“We never did anything just to do it,” said Bob. “We always made sure each project was something good to do and would create additional income. Everything always took a lot of planning.”
In the mid-1970s, the video game boom helped Funspot to flourish.
“We were in business for twenty-five years before we ever had a video game,” said Bob. “Before that it was all pinball and shooting games.”
Among the visitors who stopped by for Bob’s birthday was Steve Taber, a former player on one of Funspot’s pinball leagues from 1979.
In 1990, the video game boom went bust as it became easier to play the games at home on television consoles and computers.
“We adjusted by doing things like turning our maintenance shop into a bingo hall and adding the D.A. Long Tavern to help better service bowling leagues which were held just about every night,” said Bob.
Today Bob has recognized the attraction of prize games. Always a staple at both the Weirs Sports Center and Funspot, it has resurfaced in popularity as people like to play games that give out tickets that can be redeemed for a wide variety of prizes.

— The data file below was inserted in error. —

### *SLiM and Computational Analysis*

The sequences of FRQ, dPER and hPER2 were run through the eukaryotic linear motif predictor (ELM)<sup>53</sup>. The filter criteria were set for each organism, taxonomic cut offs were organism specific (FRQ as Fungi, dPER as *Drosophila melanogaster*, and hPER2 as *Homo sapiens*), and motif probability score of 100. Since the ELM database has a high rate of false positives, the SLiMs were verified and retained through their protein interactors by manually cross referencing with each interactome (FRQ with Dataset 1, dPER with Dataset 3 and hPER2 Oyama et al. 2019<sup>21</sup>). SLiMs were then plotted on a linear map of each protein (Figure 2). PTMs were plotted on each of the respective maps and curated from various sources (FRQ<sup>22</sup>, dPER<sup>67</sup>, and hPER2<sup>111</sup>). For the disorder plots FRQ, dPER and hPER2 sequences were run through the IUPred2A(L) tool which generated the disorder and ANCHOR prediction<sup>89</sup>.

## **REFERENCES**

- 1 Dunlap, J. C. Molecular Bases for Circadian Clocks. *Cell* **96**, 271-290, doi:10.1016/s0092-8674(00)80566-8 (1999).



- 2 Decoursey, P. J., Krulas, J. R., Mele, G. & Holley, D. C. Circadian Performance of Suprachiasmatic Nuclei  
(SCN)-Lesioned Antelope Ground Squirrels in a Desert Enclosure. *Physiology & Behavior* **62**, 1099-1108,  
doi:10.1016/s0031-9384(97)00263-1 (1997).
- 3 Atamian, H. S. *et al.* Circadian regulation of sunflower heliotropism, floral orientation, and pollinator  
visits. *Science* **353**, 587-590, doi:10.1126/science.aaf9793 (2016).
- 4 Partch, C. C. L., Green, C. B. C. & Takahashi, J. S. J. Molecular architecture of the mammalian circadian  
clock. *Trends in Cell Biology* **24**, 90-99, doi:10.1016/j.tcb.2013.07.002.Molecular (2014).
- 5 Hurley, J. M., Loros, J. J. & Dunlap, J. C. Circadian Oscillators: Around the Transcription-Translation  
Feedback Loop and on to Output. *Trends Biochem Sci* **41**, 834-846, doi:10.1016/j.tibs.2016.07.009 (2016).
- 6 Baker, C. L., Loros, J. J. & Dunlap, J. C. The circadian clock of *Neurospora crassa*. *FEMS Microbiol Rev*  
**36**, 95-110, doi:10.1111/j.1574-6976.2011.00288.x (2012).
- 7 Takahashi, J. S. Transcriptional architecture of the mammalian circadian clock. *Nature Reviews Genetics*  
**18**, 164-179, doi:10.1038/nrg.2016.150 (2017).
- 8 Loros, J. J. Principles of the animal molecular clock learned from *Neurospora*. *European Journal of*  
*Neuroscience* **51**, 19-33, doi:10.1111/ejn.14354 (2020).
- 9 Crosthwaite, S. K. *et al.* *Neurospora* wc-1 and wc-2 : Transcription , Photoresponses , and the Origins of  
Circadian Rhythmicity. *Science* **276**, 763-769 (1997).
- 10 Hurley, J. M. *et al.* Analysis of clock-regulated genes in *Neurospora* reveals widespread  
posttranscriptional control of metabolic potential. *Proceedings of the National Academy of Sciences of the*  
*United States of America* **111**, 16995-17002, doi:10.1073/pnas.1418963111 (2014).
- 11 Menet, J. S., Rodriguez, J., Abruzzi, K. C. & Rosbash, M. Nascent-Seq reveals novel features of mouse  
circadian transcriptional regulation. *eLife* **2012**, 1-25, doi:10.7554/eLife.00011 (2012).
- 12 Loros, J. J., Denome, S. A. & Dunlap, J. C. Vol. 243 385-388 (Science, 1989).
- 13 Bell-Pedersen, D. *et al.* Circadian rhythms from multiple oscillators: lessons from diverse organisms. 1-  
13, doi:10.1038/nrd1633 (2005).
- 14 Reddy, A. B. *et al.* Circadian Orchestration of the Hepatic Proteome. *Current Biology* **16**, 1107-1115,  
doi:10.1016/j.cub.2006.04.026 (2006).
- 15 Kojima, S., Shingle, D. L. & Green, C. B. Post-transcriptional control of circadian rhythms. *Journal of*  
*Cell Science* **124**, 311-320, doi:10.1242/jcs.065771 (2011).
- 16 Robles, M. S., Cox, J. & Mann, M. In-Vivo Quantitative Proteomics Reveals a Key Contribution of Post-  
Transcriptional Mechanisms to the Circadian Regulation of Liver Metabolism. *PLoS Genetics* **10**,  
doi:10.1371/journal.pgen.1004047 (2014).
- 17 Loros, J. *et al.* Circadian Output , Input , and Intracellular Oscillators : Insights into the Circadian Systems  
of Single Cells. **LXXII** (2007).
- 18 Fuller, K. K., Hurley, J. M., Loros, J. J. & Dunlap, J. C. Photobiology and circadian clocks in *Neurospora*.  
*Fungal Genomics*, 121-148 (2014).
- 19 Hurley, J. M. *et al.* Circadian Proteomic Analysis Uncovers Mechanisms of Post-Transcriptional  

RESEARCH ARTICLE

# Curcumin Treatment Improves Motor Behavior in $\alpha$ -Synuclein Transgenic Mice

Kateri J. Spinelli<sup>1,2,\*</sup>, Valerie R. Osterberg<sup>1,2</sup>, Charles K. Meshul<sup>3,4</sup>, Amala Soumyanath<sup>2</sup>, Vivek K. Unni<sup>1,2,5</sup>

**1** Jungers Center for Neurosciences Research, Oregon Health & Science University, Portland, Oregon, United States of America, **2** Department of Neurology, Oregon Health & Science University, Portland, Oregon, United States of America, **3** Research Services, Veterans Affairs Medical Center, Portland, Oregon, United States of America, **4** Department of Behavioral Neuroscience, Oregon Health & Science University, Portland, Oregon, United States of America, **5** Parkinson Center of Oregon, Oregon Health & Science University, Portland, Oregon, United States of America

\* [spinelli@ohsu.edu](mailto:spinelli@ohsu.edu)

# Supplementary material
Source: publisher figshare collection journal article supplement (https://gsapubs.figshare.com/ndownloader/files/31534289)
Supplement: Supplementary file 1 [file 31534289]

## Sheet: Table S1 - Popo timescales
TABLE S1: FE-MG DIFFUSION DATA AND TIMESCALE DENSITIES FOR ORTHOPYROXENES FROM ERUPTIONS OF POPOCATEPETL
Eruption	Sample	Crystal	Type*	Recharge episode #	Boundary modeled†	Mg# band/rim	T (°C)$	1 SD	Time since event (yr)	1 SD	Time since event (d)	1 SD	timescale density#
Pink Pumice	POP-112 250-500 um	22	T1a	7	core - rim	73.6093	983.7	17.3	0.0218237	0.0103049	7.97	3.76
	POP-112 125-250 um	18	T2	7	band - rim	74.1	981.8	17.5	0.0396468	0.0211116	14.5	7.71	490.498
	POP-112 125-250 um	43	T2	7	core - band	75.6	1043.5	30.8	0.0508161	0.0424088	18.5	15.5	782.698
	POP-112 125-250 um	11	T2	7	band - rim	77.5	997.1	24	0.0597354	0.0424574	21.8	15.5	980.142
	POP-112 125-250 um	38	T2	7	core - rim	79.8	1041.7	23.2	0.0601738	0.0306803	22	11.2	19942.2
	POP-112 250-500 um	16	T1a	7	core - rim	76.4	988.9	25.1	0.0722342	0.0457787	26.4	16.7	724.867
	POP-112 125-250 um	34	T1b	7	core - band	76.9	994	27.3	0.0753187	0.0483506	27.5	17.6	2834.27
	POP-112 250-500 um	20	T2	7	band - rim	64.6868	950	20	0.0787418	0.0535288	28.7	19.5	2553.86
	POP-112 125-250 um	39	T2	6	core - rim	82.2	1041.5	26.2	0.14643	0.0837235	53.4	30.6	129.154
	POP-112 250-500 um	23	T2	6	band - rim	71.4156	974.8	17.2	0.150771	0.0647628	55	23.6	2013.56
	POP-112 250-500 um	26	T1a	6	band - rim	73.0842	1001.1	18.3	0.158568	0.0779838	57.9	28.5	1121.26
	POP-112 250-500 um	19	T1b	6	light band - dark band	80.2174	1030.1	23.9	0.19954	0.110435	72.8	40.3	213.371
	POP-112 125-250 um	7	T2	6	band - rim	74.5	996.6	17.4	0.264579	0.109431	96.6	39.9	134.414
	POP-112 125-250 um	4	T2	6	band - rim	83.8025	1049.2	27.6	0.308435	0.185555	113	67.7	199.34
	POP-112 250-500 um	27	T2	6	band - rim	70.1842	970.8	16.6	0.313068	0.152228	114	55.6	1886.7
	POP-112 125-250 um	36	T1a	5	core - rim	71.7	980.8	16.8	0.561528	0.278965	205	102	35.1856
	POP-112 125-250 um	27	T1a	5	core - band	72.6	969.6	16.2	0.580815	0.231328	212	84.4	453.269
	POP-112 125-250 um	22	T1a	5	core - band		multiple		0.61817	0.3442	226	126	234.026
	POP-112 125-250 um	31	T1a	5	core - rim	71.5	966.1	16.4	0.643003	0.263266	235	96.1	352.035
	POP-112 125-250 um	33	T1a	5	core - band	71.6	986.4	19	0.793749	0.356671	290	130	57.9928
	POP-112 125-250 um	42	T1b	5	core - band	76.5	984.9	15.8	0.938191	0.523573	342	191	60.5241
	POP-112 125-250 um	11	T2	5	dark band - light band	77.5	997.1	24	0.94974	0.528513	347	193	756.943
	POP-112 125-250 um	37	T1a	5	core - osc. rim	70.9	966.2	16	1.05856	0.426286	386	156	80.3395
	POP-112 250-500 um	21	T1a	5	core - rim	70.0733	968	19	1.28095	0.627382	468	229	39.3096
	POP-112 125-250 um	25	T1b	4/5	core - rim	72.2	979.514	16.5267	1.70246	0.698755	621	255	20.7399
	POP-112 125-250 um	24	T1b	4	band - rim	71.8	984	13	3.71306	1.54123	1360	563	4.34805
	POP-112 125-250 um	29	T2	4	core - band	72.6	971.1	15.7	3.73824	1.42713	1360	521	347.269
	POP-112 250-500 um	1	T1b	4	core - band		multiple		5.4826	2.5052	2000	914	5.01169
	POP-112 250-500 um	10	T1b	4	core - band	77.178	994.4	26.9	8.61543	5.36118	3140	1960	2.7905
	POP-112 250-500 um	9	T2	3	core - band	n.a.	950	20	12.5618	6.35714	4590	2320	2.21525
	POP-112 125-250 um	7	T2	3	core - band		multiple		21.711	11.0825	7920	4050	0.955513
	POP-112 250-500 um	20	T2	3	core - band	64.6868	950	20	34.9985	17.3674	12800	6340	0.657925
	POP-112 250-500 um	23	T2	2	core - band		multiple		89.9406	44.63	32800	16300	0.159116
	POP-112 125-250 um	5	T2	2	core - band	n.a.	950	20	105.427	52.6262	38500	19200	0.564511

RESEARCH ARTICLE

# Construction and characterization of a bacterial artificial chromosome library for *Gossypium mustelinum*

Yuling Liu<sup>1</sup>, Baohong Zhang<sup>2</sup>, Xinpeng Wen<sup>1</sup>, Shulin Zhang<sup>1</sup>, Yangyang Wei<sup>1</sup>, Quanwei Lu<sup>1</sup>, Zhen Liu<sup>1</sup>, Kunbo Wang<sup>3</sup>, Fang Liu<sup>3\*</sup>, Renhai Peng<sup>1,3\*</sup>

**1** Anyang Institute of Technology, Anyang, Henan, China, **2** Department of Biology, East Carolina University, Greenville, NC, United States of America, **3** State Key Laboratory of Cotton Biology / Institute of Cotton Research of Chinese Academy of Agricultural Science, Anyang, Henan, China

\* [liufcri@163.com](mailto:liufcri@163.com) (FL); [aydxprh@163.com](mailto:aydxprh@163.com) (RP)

“Last year players won over 25 million tickets on our redemption games,” Bob said. “This year we expect to give out almost 40 million tickets for people to win great prizes at our prize counter.”
Ideas like this have helped Funspot keep pace with the changing generations.
David Ross, one of the newer generation of Funspot fans, presented Bob with a framed clay sculpture he made of the famous Funspot sign along with Funspot’s mascot, Topsnuf, the dragon.
“It was such a nice surprise,” said Bob. “It really made my birthday something special.”
Bob still works seven days a week about nine hours a day, doing whatever needs to be done around Funspot to keep it running smoothly. It is a work ethic he has had all of his life. To most people, that would be plenty, but in 1992, Bob had a new project in mind. He resurrected the Weirs Times newspaper. Originally published by Matthew Calvert from 1883-1902, Bob incorporated the original masthead and center map which is still used today.
Originally the production of the paper was given to graphics artist Ron Stevens who left the position suddenly in December of 1992. Bob, along with his daughter Sandra and son, David, decided to produce the paper themselves. Having no experience they had to learn quickly, and